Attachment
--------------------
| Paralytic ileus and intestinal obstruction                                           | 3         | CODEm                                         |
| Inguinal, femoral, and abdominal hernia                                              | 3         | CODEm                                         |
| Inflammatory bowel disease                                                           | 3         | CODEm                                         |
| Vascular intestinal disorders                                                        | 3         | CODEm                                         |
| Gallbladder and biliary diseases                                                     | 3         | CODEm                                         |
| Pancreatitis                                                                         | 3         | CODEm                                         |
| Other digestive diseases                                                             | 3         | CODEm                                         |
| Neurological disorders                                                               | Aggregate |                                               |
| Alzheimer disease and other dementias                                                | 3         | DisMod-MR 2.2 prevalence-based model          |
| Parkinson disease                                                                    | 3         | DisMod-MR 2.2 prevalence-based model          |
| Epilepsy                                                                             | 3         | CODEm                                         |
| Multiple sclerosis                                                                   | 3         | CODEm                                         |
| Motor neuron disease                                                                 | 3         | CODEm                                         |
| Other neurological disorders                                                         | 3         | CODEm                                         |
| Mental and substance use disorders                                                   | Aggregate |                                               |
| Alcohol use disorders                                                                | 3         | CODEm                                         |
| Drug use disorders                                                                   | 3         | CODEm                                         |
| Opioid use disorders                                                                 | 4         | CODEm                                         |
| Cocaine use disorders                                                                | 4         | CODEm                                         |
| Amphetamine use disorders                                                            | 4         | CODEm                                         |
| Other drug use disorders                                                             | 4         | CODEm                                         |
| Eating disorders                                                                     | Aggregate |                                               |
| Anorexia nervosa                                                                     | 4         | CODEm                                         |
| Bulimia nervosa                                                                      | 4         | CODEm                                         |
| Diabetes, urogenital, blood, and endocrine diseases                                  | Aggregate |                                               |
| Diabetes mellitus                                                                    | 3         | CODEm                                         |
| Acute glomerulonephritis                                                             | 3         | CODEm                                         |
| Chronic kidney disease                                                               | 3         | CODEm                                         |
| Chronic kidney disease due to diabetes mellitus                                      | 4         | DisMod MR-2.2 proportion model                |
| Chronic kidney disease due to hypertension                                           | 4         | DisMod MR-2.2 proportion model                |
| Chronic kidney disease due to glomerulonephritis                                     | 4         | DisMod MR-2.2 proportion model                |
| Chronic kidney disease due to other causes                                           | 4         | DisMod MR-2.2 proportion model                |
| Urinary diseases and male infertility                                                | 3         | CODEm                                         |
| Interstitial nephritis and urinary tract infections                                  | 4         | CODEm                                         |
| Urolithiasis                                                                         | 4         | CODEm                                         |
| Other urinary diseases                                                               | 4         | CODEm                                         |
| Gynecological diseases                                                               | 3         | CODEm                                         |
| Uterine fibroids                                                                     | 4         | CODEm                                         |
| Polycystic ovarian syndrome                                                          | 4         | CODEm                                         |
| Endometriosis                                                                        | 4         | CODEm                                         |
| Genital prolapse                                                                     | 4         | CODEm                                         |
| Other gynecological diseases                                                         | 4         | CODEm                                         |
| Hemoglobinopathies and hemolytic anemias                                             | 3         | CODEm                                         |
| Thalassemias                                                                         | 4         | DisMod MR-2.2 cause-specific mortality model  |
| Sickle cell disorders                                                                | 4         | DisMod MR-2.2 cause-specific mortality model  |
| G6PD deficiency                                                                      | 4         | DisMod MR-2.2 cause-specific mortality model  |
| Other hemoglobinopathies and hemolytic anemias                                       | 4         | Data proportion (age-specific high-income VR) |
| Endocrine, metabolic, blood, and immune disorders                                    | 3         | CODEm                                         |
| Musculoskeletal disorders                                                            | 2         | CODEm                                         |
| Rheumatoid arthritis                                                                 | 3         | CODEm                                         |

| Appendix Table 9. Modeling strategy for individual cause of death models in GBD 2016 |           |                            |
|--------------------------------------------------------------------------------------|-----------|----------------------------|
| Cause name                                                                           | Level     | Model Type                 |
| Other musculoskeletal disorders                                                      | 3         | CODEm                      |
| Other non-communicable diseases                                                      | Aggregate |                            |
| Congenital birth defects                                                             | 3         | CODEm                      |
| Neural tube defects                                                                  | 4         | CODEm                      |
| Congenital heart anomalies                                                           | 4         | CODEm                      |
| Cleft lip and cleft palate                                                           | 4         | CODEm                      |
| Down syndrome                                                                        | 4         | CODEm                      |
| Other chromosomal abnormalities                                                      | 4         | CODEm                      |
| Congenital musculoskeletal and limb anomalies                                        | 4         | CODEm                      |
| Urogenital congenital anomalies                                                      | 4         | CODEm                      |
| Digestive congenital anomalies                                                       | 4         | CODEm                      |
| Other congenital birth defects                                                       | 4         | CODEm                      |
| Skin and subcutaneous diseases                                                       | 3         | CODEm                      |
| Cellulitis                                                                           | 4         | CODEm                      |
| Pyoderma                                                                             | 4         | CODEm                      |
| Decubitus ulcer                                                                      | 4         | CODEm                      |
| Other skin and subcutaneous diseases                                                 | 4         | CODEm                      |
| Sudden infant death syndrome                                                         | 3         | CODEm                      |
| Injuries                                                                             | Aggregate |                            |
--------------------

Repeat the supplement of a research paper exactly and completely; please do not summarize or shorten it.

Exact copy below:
| Paralytic ileus and intestinal obstruction                                           | 3         | CODEm                                         |
| Inguinal, femoral, and abdominal hernia                                              | 3         | CODEm                                         |
| Inflammatory bowel disease                                                           | 3         | CODEm                                         |
| Vascular intestinal disorders                                                        | 3         | CODEm                                         |
| Gallbladder and biliary diseases                                                     | 3         | CODEm                                         |
| Pancreatitis                                                                         | 3         | CODEm                                         |
| Other digestive diseases                                                             | 3         | CODEm                                         |
| Neurological disorders                                                               | Aggregate |                                               |
| Alzheimer disease and other dementias                                                | 3         | DisMod-MR 2.2 prevalence-based model          |
| Parkinson disease                                                                    | 3         | DisMod-MR 2.2 prevalence-based model          |
| Epilepsy                                                                             | 3         | CODEm                                         |
| Multiple sclerosis                                                                   | 3         | CODEm                                         |
| Motor neuron disease                                                                 | 3         | CODEm                                         |
| Other neurological disorders                                                         | 3         | CODEm                                         |
| Mental and substance use disorders                                                   | Aggregate |                                               |
| Alcohol use disorders                                                                | 3         | CODEm                                         |
| Drug use disorders                                                                   | 3         | CODEm                                         |
| Opioid use disorders                                                                 | 4         | CODEm                                         |
| Cocaine use disorders                                                                | 4         | CODEm                                         |
| Amphetamine use disorders                                                            | 4         | CODEm                                         |
| Other drug use disorders                                                             | 4         | CODEm                                         |
| Eating disorders                                                                     | Aggregate |                                               |
| Anorexia nervosa                                                                     | 4         | CODEm                                         |
| Bulimia nervosa                                                                      | 4         | CODEm                                         |
| Diabetes, urogenital, blood, and endocrine diseases                                  | Aggregate |                                               |
| Diabetes mellitus                                                                    | 3         | CODEm                                         |
| Acute glomerulonephritis                                                             | 3         | CODEm                                         |
| Chronic kidney disease                                                               | 3         | CODEm                                         |
| Chronic kidney disease due to diabetes mellitus                                      | 4         | DisMod MR-2.2 proportion model                |
| Chronic kidney disease due to hypertension                                           | 4         | DisMod MR-2.2 proportion model                |
| Chronic kidney disease due to glomerulonephritis                                     | 4         | DisMod MR-2.2 proportion model                |
| Chronic kidney disease due to other causes                                           | 4         | DisMod MR-2.2 proportion model                |
| Urinary diseases and male infertility                                                | 3         | CODEm                                         |
| Interstitial nephritis and urinary tract infections                                  | 4         | CODEm                                         |
| Urolithiasis                                                                         | 4         | CODEm                                         |
| Other urinary diseases                                                               | 4         | CODEm                                         |
| Gynecological diseases                                                               | 3         | CODEm                                         |
| Uterine fibroids                                                                     | 4         | CODEm                                         |
| Polycystic ovarian syndrome                                                          | 4         | CODEm                                         |
| Endometriosis                                                                        | 4         | CODEm                                         |
| Genital prolapse                                                                     | 4         | CODEm                                         |
| Other gynecological diseases                                                         | 4         | CODEm                                         |
| Hemoglobinopathies and hemolytic anemias                                             | 3         | CODEm                                         |
| Thalassemias                                                                         | 4         | DisMod MR-2.2 cause-specific mortality model  |
| Sickle cell disorders                                                                | 4         | DisMod MR-2.2 cause-specific mortality model  |
| G6PD deficiency                                                                      | 4         | DisMod MR-2.2 cause-specific mortality model  |
| Other hemoglobinopathies and hemolytic anemias                                       | 4         | Data proportion (age-specific high-income VR) |
| Endocrine, metabolic, blood, and immune disorders                                    | 3         | CODEm                                         |
| Musculoskeletal disorders                                                            | 2         | CODEm                                         |
| Rheumatoid arthritis                                                                 | 3         | CODEm                                         |

| Appendix Table 9. Modeling strategy for individual cause of death models in GBD 2016 |           |                            |
|--------------------------------------------------------------------------------------|-----------|----------------------------|
| Cause name                                                                           | Level     | Model Type                 |
| Other musculoskeletal disorders                                                      | 3         | CODEm                      |
| Other non-communicable diseases                                                      | Aggregate |                            |
| Congenital birth defects                                                             | 3         | CODEm                      |
| Neural tube defects                                                                  | 4         | CODEm                      |
| Congenital heart anomalies                                                           | 4         | CODEm                      |
| Cleft lip and cleft palate                                                           | 4         | CODEm                      |
| Down syndrome                                                                        | 4         | CODEm                      |
| Other chromosomal abnormalities                                                      | 4         | CODEm                      |
| Congenital musculoskeletal and limb anomalies                                        | 4         | CODEm                      |
| Urogenital congenital anomalies                                                      | 4         | CODEm                      |
| Digestive congenital anomalies                                                       | 4         | CODEm                      |
| Other congenital birth defects                                                       | 4         | CODEm                      |
| Skin and subcutaneous diseases                                                       | 3         | CODEm                      |
| Cellulitis                                                                           | 4         | CODEm                      |
| Pyoderma                                                                             | 4         | CODEm                      |
| Decubitus ulcer                                                                      | 4         | CODEm                      |
| Other skin and subcutaneous diseases                                                 | 4         | CODEm                      |
| Sudden infant death syndrome                                                         | 3         | CODEm                      |
| Injuries                                                                             | Aggregate |                            |